Solar PV in perspective - from 2012 to 2014

David Hopwood

Part 2: In this series of articles we examine the recent history of the Solar Photovoltaic industry, as well as look forward to 2014.

In part 1 (see here) and part 2 (below), Renewable Energy Focus power generation previews REMIPEG's latest update, carried out in the first four months of 2013 by Lahmeyer International, and presents an overview of the PV industry up until the end of 2012.

In parts 3, 4, and 5, Paula Mints of SPV Market Research takes us through some lessons learned from 2013.

Part 1 and 2 of this series are taken from the July/August 2013 issue of Renewable Energy Focus (REFocus) magazine. For a free subscription, click here.

Manufacturer woes - rewind to 2012

2012 was a difficult year for PV manufacturers due to the highly competitive environment. Many of the top 10 module suppliers lost market share in 2012 in comparison with 2011.

Despite this, Yingli managed to increase its shipments volume by 43%, leaving behind Suntech (which subsequently went into meltdown) and First Solar, the largest suppliers in 2011. In fact, Suntech fell to fifth position in the rankings, falling behind Trina Solar and Canadan Solar. First Solar successfully defended its position though, staying at the number two slot.

In 2012 as decreasing prices continued to hamper manufacturers, many PV firms went to bankruptcy or were taken over by other companies. Q-cells, Solar Millenium, Solar Trust, Konarka, Solarhybrid, Nova Solar, Evergreen Solar and SpectraWatt are some examples.

The Concentrated PV (CPV) market is still small but increasing in importance due to the high efficiency of the technology, which is around 40% in comparison with the 20% of typical PV panels. In the US, the major CPV players of 2012 were SolFocus, Amonix, EMCORE, and Skyline Solar. European companies pursuing CPV projects included Soitec Solar (formerly Concentrix), Abengoa Solar and ArimaEco.

The large majority of CPV projects under development remain in the US, Spain, Portugal, Greece and Australia. The European Photovoltaic Industry Association (EPIA) has predicted CPV installation would be at least 1GW annually by 2015. So far, the CPV market has been dominated by High Concentration PV (HCPV) systems, while Low Concentration PV (LCPV) installations may speed up the next five years, accounting for a 20% share of the CPV market by 2016, according to IMS Research.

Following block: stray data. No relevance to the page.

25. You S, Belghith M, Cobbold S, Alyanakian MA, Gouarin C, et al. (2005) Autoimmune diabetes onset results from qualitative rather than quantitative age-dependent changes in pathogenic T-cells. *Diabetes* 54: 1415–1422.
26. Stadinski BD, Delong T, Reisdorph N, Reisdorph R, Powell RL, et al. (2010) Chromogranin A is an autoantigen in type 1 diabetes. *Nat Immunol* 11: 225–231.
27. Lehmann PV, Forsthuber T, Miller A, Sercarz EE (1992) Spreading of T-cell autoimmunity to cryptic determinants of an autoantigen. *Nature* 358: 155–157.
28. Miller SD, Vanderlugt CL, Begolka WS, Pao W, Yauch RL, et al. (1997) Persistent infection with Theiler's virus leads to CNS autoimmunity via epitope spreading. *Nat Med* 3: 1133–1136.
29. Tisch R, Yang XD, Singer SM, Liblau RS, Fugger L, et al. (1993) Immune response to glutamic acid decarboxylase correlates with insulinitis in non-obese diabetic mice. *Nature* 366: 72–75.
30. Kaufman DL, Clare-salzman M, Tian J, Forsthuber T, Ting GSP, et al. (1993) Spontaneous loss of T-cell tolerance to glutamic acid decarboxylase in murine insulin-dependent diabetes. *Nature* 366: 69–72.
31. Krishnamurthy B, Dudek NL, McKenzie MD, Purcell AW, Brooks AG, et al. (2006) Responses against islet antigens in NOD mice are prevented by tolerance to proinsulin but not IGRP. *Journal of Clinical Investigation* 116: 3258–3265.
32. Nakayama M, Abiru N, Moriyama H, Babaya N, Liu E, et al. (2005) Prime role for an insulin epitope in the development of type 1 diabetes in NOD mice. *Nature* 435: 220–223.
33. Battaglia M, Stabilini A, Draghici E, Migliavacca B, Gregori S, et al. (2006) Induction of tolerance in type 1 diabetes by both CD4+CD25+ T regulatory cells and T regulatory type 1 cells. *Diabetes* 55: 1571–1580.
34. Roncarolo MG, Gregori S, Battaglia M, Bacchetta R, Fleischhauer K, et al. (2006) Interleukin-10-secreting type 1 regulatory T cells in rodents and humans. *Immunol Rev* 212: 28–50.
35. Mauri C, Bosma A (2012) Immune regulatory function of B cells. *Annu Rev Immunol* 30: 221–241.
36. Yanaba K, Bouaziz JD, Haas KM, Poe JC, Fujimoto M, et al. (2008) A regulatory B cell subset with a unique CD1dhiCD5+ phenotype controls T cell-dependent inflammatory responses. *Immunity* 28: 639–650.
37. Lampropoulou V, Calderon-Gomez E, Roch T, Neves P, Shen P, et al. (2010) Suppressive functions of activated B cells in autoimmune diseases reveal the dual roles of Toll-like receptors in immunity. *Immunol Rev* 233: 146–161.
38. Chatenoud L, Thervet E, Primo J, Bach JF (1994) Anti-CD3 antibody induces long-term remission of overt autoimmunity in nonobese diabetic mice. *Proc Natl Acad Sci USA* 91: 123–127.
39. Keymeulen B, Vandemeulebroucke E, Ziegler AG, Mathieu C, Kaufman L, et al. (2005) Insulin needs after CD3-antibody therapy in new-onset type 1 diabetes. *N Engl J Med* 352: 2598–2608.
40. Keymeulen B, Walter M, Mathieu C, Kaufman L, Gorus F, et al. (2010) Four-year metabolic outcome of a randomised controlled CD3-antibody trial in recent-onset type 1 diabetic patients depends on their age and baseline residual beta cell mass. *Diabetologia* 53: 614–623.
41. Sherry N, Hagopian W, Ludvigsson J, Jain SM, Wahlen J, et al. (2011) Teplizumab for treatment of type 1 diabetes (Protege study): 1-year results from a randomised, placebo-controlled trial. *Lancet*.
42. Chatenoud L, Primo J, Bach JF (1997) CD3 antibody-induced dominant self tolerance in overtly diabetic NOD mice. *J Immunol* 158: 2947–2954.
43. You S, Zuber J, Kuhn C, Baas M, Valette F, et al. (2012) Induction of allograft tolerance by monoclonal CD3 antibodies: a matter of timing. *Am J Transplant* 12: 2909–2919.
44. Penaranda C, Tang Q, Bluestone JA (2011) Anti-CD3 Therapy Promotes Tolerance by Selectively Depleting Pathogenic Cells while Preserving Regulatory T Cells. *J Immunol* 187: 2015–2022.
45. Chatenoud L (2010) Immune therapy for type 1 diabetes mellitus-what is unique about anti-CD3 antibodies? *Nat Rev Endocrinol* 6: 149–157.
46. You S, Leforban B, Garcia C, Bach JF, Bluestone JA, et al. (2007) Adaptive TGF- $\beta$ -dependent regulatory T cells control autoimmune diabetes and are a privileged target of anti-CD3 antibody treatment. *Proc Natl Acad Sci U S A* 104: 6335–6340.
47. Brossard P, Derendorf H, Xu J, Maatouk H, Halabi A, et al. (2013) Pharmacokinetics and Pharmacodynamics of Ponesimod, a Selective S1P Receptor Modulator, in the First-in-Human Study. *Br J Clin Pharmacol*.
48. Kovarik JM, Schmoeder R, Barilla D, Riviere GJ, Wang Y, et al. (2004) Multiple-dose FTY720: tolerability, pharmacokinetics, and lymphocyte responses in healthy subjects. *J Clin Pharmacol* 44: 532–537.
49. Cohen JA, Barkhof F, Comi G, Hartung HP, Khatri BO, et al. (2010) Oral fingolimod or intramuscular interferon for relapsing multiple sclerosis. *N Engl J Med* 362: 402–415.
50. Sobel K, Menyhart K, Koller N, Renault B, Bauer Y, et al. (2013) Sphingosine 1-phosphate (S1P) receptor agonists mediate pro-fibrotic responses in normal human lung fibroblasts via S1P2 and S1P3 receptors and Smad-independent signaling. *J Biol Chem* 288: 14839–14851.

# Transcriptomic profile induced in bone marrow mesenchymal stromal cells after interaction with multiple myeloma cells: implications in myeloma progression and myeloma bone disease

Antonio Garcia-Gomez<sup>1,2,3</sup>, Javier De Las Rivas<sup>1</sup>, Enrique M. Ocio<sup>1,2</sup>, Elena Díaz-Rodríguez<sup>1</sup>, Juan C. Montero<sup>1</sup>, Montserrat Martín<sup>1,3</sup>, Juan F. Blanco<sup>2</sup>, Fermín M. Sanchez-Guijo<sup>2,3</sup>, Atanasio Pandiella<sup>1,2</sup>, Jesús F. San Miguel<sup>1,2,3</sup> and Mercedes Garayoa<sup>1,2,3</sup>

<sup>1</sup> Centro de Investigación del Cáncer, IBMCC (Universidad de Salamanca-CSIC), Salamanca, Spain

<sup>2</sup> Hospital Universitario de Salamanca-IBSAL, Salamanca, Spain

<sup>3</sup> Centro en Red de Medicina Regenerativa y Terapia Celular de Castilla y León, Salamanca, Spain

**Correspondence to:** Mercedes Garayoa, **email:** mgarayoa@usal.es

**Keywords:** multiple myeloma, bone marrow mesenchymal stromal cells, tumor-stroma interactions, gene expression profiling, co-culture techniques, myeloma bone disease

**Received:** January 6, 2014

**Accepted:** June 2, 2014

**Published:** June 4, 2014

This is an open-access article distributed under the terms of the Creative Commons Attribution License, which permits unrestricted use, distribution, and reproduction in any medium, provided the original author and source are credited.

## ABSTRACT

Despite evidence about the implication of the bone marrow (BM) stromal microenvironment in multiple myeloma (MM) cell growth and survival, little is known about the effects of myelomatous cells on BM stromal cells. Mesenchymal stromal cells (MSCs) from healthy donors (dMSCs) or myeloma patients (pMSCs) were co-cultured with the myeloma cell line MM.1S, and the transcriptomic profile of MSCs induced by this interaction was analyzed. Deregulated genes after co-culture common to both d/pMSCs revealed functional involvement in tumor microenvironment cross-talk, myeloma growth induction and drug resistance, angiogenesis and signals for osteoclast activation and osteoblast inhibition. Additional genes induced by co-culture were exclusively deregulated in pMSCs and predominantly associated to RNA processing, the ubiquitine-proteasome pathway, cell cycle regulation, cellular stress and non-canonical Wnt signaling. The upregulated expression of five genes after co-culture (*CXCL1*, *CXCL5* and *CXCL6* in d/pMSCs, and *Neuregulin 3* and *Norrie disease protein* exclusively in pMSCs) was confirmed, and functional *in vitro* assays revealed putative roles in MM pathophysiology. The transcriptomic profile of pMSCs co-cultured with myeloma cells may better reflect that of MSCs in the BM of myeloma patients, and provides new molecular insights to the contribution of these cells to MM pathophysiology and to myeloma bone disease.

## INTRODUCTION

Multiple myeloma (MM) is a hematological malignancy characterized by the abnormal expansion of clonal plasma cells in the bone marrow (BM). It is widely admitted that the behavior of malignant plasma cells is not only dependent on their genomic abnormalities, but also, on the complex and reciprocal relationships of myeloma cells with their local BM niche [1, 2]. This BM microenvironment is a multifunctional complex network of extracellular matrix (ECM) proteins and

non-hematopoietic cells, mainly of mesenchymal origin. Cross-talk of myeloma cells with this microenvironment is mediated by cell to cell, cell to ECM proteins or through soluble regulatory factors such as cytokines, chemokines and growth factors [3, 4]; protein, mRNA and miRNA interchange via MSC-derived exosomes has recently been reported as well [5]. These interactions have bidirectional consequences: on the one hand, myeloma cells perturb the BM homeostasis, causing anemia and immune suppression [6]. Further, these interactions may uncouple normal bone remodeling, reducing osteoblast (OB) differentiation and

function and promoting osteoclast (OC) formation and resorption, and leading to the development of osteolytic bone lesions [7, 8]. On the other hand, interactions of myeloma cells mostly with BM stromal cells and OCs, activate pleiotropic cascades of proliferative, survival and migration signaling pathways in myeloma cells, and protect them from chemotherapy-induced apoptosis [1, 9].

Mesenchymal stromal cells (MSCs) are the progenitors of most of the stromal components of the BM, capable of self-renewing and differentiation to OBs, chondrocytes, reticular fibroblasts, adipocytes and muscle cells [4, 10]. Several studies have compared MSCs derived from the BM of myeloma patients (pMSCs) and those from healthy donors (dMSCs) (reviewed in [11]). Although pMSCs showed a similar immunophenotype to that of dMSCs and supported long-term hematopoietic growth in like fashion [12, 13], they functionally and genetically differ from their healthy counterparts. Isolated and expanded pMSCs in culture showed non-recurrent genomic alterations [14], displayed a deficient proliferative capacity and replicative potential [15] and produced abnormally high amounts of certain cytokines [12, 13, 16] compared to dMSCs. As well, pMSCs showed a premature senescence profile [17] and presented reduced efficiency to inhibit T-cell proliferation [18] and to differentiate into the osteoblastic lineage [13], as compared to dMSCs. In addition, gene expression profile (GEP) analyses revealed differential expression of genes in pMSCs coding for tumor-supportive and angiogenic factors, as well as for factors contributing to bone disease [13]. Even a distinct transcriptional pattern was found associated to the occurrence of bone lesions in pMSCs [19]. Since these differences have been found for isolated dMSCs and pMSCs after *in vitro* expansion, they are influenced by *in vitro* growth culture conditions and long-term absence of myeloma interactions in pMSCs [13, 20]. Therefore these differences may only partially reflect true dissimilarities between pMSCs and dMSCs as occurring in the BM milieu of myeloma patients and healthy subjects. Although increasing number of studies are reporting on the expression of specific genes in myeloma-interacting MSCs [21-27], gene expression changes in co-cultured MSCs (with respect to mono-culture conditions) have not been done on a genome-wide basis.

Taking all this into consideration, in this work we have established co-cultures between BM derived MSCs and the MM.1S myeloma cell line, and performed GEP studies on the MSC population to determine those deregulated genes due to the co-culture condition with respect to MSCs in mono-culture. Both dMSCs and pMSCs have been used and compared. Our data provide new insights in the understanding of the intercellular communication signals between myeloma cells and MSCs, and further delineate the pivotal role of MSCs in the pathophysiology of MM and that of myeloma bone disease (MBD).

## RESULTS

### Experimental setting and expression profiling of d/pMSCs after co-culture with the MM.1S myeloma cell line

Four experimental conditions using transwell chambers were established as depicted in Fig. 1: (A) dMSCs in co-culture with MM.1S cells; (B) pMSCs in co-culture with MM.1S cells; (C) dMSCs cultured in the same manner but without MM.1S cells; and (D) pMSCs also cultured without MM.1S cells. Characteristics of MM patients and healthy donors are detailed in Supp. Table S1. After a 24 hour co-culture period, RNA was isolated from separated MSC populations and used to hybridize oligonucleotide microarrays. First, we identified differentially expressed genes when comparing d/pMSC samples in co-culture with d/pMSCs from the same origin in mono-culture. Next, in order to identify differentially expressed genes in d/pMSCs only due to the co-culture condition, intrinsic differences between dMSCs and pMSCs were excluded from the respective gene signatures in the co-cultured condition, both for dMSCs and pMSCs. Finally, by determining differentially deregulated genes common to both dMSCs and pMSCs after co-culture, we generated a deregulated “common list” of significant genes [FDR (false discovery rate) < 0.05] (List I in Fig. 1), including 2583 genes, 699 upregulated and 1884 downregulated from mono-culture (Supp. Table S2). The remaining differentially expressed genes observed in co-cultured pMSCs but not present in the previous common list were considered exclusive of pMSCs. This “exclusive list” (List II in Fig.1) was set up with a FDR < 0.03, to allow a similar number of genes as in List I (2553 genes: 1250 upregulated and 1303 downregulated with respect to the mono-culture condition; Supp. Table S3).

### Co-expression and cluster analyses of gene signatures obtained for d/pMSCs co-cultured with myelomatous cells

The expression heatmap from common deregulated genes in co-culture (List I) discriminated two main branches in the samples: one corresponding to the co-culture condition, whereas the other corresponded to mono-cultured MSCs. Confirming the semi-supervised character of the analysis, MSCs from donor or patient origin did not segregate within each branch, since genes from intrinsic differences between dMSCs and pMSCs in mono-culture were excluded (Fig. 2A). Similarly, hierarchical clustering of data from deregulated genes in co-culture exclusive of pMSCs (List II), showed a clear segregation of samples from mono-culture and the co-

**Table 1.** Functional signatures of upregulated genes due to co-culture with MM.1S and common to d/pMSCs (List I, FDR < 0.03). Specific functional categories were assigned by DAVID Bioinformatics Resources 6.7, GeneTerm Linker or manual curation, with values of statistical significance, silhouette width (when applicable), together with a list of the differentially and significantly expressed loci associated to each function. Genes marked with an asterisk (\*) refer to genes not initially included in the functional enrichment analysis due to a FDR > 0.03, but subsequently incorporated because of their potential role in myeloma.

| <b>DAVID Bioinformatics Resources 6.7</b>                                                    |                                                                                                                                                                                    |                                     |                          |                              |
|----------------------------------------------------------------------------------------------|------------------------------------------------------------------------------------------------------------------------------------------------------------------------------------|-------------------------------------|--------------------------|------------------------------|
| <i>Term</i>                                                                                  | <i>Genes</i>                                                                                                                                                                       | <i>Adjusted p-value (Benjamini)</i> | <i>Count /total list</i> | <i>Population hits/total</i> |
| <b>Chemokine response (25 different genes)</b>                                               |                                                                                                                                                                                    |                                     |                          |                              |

The inverter market is expected to grow from $45bn in 2012 to $71bn in 2020, IMS adds. Thus, more than 28 million units were shipped in 2012 and it is estimated that will grow to 80 million units in 2020.

Despite the numbers, the largest suppliers of PV inverters lost market share in 2012 due to its poor presence in the Chinese and Japanese market. The market leader SMA Solar Technology saw how the demand of its products decreased in its core markets and its share of global revenue fell for the third consecutive year to slightly more than 25%.

Work on improving PV inverters to this day remains focused on sharpening the performance. For example, silicon-based insulated-gate bipolar transistors (IGBTs) have improved (higher current density, thinner and faster), as have SiC- and GaN-based devices, noted Semiconductor Today.

The global PV panel industry, meanwhile, saw notable cost reductions over the three years prior to 2012, with a trend of more than 20% annually mainly due to:

  • competition,
  • economies of scale and
  • technological and manufacturing advances.

The low prices offered from China also led to competitive manufacturing prices globally. The average price of the modules fell from €2.0-2.5/Wp in 2009 to €0.7-1.0/Wp in 2012, according to FirstGreen Consulting.

Part 3 to follow...

The REMIPEG databank

With its Renewable Electricity Market, Installed Power and Annual Electricity Generation (REMIPEG), German engineering firm Lahmeyer International has tracked the implementation of renewable electricity capacity around the world since 2008, updating its database annually, with Renewable Energy Focus then publishing the results.

Providing totals for newly installed plant, cumulative capacity, and estimated electricity generation output, country-by-country, for each renewable energy generation source, the databank is compiled using publicly available information along with expert information from consultants in the field.

The authors of the REMIPEG report are Dr. Andreas Wiese, Dr. Patric Kleineidam, Kuno Schallenberg, Florian Remann, Thorben Gunkel, Camilo Varas, Holger Zebner, Gildas Courtet, and Sergi Pedra from Lahmeyer International GmbH; Andrea Stooßa from the Institute of Environmental Technology and Energy Economics, Hamburg University of Technology, and Stadtreinigung Hamburg; and Martin Kaltschmitt, also from the Institute of Environmental Technology and Energy Economics, Hamburg University of Technology.

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Photovoltaics (PV)  •  Policy, investment and markets  •  Solar electricity